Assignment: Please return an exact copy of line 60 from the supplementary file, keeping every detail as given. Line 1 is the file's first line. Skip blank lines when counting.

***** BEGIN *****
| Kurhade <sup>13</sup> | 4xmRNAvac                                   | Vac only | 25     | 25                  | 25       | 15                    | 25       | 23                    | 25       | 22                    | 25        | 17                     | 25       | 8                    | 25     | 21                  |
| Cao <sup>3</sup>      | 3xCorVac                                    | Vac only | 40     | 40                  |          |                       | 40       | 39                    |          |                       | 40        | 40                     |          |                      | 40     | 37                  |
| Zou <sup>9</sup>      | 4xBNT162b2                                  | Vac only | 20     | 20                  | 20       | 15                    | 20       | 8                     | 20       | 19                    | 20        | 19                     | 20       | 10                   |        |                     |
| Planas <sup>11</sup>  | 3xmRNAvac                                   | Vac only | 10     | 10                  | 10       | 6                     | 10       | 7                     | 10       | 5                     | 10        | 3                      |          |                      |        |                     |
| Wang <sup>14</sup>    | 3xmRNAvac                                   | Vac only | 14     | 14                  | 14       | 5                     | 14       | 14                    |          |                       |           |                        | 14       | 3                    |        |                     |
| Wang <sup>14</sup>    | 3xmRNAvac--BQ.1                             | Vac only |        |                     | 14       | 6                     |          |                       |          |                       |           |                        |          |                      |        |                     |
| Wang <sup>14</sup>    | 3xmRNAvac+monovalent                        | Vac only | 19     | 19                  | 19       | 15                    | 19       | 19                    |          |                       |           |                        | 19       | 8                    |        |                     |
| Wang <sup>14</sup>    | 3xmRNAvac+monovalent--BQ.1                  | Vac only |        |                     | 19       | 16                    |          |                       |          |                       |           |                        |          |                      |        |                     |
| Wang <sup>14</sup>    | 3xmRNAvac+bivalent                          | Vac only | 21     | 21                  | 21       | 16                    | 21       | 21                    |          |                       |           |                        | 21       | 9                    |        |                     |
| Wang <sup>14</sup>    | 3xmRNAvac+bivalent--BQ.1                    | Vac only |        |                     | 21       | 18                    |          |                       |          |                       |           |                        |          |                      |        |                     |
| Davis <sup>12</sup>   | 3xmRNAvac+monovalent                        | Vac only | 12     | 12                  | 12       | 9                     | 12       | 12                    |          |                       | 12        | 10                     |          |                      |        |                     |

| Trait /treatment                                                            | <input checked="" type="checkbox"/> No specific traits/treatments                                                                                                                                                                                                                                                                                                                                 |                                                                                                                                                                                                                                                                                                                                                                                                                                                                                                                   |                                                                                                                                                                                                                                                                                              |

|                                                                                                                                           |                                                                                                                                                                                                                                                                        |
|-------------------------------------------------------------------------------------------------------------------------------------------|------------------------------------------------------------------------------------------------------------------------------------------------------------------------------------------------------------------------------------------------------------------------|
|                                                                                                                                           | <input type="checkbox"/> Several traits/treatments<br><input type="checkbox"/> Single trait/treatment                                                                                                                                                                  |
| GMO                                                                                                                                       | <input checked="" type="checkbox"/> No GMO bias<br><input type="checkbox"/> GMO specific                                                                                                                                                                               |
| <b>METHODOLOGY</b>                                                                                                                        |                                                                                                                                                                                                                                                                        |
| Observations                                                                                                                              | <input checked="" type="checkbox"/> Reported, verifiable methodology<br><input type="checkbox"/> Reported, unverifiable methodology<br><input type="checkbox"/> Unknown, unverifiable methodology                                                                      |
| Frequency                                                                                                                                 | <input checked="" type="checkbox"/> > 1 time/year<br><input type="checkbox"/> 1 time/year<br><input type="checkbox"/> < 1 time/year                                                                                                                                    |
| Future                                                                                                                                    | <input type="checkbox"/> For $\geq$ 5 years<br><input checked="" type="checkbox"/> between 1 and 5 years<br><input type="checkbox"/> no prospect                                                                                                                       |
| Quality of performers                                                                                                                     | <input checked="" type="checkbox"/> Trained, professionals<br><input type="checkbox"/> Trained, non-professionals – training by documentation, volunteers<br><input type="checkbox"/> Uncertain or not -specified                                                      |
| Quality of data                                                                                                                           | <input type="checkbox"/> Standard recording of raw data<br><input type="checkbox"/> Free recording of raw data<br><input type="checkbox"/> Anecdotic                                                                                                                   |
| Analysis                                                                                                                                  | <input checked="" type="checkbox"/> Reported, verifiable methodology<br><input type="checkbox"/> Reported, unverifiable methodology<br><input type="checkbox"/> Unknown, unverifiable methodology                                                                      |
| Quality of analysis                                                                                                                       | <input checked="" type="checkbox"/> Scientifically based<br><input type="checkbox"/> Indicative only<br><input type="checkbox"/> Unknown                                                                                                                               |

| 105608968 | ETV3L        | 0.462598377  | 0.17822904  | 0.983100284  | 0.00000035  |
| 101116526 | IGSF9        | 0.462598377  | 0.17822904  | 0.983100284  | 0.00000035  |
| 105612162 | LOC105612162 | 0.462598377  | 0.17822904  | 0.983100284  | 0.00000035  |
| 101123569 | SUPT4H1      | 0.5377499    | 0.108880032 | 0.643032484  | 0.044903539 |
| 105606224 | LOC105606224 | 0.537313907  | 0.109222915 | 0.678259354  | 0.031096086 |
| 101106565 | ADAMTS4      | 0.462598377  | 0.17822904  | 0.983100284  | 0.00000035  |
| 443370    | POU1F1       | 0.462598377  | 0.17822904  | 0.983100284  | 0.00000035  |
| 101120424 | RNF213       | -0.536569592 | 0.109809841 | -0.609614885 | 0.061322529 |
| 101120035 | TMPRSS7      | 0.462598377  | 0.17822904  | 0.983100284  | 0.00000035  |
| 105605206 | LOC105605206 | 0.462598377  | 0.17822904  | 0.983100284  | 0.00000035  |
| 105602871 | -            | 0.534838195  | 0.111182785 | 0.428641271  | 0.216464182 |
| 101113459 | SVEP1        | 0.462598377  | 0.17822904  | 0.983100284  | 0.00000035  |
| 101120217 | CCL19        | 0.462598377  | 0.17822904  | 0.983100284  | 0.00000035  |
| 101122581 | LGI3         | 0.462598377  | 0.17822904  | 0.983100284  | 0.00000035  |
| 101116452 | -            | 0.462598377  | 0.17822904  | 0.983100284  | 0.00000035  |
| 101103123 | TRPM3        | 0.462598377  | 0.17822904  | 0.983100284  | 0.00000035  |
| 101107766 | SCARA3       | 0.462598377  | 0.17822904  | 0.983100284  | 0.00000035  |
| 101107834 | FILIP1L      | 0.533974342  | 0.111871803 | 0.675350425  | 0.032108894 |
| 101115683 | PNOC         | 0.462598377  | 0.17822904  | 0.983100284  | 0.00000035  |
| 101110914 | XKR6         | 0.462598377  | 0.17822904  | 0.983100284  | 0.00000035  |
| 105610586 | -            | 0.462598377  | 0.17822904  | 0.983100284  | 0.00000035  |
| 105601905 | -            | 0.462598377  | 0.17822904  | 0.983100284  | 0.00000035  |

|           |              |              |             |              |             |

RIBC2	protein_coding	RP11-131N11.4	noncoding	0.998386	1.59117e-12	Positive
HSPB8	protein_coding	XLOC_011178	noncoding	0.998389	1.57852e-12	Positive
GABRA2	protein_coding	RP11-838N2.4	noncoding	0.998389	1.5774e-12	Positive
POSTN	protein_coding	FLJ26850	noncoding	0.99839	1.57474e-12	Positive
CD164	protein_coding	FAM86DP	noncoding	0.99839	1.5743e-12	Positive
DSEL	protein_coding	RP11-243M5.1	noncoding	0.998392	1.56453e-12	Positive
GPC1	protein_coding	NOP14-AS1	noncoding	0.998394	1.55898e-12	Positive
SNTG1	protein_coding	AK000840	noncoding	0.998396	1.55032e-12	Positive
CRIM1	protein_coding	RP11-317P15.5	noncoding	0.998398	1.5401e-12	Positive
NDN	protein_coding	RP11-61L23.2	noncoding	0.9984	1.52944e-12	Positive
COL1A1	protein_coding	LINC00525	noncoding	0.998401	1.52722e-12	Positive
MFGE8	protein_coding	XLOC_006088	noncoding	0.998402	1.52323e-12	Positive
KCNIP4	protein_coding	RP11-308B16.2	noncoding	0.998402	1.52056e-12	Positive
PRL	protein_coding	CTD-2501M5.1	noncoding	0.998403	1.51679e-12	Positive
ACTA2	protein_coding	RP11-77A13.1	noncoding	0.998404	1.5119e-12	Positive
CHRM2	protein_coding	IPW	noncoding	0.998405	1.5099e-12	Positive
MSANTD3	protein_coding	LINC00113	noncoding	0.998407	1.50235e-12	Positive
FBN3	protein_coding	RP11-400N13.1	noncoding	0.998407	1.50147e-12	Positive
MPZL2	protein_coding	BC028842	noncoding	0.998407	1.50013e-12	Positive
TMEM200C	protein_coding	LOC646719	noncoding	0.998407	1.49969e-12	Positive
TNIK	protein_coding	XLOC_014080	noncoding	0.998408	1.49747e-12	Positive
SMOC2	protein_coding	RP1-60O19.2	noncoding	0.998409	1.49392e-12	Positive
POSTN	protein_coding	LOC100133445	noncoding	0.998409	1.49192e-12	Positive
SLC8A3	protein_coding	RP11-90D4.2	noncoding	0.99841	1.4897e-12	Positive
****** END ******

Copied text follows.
KCNIP4	protein_coding	RP11-308B16.2	noncoding	0.998402	1.52056e-12	Positive